Music Curation Drives Today’s Listening

The widespread concept of music curation is extremely new, an unexpected outcome of the internet’s collision with music industry and media. With the introduction of Napster’s MP3 file sharing platform in 1999, an incredible, ever-growing amount of free music became available to the public. In response, music gatekeepers such as radio and television programmers, record stores, and the music press were forced to consolidate and rethink their revenue models. The result of these tectonic changes is that today's listeners have more music options and fewer traditional go-betweens than ever before.

Necessity is the Mother of Invention

Music curation emerged as a way to fill this gap and help people decide what music should I listen to now? Answering this question can be surprisingly complex. While YouTube now accounts for 1 in 4 music listening hours, the majority of us select some type of playlist—possibly powered by YouTube itself—or digital radio station to deliver a sustained listening experience.

An Abbreviated History of the Playlist

  • The term playlist was coined in the 1920s by the first radio disc jockeys.
  • The introduction of cassette tapes in the 1960s birthed the tradition of custom mixtapes, marking the first time the general public has a cost-effective way to curate playlists.
  • In 2001, Apple capitalized on new MP3 file sharing software by inventing the iPod, a revolutionary device that includes a playlist function for organizing songs.
  • Music streaming blossomed in the early 2000s as an alternative to radio and personal music collections. While a variety of companies offer music streaming, they all function using on-demand playlists or curated stations.

Okay, Computer

At the turn of the century, Silicon Valley began developing a data framework for music curation. Pandora’s founders launched the Music Genome Project, which uses over 450 attributes to describe songs and a complex mathematical algorithm to organize them. Apple began cataloging songs across iPod users’ collections, which led to the “smart” playlist function of iTunes Genius and their eventual Apple Music streaming service.

The earliest data-powered playlists and music stations focused primarily on mirroring listeners’ personalized tastes. Building on these successes, the increasingly crowded music streaming space spent the past decade working towards profitability (a topic for another article) and product differentiation. Companies began moving towards curation based on specific moods and activities. With the highly subjective criteria of what songs are best suited to, for example, “Good Vibes” or “Yoga,” people with specialized music expertise are needed to add a human dimension in constructing playlists.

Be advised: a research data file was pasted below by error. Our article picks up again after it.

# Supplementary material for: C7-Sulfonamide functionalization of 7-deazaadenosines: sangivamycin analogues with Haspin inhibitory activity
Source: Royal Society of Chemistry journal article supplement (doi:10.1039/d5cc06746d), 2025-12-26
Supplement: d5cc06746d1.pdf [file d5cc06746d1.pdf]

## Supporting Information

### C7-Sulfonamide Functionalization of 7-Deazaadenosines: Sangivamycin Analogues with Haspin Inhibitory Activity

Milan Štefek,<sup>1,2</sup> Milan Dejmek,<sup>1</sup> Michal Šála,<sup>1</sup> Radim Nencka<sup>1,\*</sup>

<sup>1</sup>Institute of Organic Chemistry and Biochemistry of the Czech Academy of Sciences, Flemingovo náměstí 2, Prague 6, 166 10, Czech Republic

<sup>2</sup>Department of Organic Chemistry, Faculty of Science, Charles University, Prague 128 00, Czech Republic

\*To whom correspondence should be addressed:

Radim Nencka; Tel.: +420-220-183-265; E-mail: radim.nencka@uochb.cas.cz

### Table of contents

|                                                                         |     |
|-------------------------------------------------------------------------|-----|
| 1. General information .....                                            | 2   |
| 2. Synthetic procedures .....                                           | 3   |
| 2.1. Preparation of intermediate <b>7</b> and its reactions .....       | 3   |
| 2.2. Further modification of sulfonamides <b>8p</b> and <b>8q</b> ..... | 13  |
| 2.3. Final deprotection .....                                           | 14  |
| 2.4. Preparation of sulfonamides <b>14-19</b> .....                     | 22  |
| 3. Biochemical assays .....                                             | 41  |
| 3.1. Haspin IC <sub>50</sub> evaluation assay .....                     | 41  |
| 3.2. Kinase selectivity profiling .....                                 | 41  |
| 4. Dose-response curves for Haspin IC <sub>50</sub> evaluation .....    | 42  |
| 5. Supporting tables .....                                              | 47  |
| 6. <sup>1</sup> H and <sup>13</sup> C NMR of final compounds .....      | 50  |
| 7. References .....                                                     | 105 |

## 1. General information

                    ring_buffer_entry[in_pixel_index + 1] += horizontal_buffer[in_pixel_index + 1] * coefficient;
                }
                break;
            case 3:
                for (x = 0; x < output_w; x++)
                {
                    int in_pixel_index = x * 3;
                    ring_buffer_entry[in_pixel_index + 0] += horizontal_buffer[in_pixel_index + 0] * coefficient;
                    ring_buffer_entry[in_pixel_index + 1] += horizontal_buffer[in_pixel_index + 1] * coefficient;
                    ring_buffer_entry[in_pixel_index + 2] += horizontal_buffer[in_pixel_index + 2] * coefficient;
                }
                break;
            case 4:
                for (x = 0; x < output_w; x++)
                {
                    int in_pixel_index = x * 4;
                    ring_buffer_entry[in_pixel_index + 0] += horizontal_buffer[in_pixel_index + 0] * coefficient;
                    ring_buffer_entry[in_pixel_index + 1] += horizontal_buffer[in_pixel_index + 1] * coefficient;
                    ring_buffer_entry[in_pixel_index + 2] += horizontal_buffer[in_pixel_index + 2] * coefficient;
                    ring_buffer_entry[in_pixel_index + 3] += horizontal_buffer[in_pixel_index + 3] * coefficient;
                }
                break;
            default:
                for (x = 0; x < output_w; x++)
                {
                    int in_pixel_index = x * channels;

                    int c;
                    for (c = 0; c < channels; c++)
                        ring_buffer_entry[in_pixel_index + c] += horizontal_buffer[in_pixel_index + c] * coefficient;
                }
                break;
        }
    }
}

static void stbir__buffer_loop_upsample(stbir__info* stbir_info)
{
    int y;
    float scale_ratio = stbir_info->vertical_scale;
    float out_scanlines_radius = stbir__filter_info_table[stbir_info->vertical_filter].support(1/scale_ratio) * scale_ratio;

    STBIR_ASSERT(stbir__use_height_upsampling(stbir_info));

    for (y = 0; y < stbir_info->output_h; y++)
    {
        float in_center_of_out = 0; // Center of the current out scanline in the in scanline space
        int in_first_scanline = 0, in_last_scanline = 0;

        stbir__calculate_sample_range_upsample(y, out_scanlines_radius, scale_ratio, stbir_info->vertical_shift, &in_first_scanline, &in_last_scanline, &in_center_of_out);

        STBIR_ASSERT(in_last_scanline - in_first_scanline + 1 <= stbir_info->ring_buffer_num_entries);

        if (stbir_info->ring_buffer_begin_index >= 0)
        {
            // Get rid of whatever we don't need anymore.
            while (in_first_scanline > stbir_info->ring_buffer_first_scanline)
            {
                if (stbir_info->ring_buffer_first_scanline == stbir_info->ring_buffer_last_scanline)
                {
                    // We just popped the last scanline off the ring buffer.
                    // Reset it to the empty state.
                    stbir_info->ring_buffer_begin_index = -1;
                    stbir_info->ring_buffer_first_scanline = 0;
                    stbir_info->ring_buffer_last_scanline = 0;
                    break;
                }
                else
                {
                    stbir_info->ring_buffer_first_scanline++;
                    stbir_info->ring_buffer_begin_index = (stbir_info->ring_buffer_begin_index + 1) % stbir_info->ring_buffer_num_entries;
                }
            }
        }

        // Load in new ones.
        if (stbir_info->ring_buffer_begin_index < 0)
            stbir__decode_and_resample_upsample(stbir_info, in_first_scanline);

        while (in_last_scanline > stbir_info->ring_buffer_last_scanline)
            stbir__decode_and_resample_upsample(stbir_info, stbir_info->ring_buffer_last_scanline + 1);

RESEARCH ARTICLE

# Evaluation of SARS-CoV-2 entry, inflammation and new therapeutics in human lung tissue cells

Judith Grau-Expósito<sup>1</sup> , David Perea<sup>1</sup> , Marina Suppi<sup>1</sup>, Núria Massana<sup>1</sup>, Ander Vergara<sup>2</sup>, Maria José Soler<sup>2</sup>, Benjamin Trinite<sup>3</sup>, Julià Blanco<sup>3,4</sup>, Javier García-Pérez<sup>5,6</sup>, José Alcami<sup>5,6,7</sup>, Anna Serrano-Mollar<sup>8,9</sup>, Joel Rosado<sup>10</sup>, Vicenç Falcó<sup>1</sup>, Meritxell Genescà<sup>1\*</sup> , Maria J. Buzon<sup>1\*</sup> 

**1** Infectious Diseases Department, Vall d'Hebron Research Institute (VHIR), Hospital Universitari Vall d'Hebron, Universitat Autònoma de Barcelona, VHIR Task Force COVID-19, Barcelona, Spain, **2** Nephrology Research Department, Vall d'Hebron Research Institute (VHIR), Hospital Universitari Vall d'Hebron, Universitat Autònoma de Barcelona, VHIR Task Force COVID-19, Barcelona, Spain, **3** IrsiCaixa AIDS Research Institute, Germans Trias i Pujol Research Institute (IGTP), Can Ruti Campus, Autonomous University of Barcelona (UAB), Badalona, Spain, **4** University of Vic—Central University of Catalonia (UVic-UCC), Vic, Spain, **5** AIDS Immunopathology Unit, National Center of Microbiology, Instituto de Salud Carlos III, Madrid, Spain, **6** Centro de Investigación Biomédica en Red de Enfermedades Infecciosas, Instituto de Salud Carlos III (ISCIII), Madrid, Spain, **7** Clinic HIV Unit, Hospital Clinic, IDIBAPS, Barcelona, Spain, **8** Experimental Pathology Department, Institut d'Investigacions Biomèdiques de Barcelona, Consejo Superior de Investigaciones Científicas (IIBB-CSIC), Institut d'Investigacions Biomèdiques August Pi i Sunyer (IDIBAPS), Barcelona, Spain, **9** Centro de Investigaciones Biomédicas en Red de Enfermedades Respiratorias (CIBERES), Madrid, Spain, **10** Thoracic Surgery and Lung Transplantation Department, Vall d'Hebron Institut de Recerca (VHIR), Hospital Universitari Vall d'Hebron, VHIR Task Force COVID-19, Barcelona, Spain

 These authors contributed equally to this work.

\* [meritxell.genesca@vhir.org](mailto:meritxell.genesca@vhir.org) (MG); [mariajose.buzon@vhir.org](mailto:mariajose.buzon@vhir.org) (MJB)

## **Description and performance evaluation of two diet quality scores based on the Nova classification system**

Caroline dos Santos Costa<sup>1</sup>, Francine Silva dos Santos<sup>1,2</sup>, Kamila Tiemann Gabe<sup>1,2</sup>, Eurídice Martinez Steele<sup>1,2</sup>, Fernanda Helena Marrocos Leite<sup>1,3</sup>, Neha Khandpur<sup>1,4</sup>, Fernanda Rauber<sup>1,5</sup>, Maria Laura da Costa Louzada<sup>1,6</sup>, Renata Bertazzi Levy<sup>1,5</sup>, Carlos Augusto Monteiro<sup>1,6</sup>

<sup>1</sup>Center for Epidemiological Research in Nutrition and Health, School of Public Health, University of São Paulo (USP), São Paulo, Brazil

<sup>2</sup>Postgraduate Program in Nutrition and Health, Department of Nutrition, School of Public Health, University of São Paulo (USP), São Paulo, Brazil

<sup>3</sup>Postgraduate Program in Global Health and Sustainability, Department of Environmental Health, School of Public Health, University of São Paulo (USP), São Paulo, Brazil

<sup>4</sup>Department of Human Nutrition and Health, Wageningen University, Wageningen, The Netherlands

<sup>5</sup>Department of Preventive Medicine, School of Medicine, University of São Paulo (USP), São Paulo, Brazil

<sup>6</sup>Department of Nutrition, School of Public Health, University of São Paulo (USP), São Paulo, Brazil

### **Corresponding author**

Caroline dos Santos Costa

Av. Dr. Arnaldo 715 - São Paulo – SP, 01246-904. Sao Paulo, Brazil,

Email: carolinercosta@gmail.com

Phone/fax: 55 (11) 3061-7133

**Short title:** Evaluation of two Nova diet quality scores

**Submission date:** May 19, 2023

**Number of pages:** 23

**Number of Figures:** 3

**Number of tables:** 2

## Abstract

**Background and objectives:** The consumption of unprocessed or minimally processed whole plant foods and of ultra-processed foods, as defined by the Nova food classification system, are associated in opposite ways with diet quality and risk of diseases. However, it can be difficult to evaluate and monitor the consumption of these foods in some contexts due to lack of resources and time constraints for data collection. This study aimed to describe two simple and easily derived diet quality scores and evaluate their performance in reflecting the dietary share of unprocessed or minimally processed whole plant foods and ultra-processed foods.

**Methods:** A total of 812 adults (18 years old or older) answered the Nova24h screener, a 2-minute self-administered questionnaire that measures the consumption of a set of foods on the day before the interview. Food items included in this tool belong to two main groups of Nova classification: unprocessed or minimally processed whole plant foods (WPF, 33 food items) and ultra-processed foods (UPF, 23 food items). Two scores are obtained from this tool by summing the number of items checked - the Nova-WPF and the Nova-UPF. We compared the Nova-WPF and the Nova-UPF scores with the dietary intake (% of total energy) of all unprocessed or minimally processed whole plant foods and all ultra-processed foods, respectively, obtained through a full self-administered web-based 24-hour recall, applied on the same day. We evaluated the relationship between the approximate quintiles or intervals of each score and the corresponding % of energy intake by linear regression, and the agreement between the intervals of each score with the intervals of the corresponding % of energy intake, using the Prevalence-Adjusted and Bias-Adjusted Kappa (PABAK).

Algo”Rhythms” Plus Human-Powered Curation

With the 2015 launch of Apple Music, Apple entered the music streaming space touting its human-first approach to curation. “Algorithms can’t do it alone – you need a human touch,” cited Apple’s Jimmy Iovine, setting the stage for a battle with Spotify and other competitors. A brilliant marketing ploy and valid point, never mind that Apple was one of the primary architects of the same computer-based curation they were now criticizing. Fast-forward to the present, and streaming companies are all racing to fine-tune the best hybrid of computer and human-powered music curation.

The past 20 years have also seen a groundswell of user-generated music curation. Liberated from the confines of cassette tapes and CDs, music lovers have capitalized on MP3 files and streaming technology to share an enormous amount of music online. Streaming companies have made user-generated content part of their services, keeping listeners engaged while acknowledging that computers can never replace individuals in the curation of compelling playlists.

Beyoncé and Drake: Tastemakers as Music Curators

We’re all swimming in a vast sea of music, with past and present available at the click of a button. This affects not only listening but music creation. Beyoncé’s unconventional creative approach led Noisey UK to recently name her as the music industry’s forefront curator. “Beyoncé is a scientist of songs…She can take two songs, say ‘I like two lines, I like the melody then let me use that for a verse and a bridge and write the whole middle,’” according to songwriter Diana Gordon, who contributed to Lemonade.

Drake functions similarly as music curator, bringing the disparate styles and artists he loves into his songs and sharing these with his large fan base. It’s significant that Drake introduced his newest music release More Life as a playlist. Although playlists and curated mixes are clearly today’s dominant listening formats, Drake is the highest-profile artist to release something as long-form as an album while calling it just what it is…a series of songs that can be pulled apart, reordered, or perhaps even listened to in the suggested order.

In Short

Global pop stars, music experts, passionate music fans, and computer algorithms all contribute to today’s music curation. The challenge lies in finding the right balance between computer and human-powered song selection. We look forward to sharing’s unique approach to curation in part two.

To Be Continued…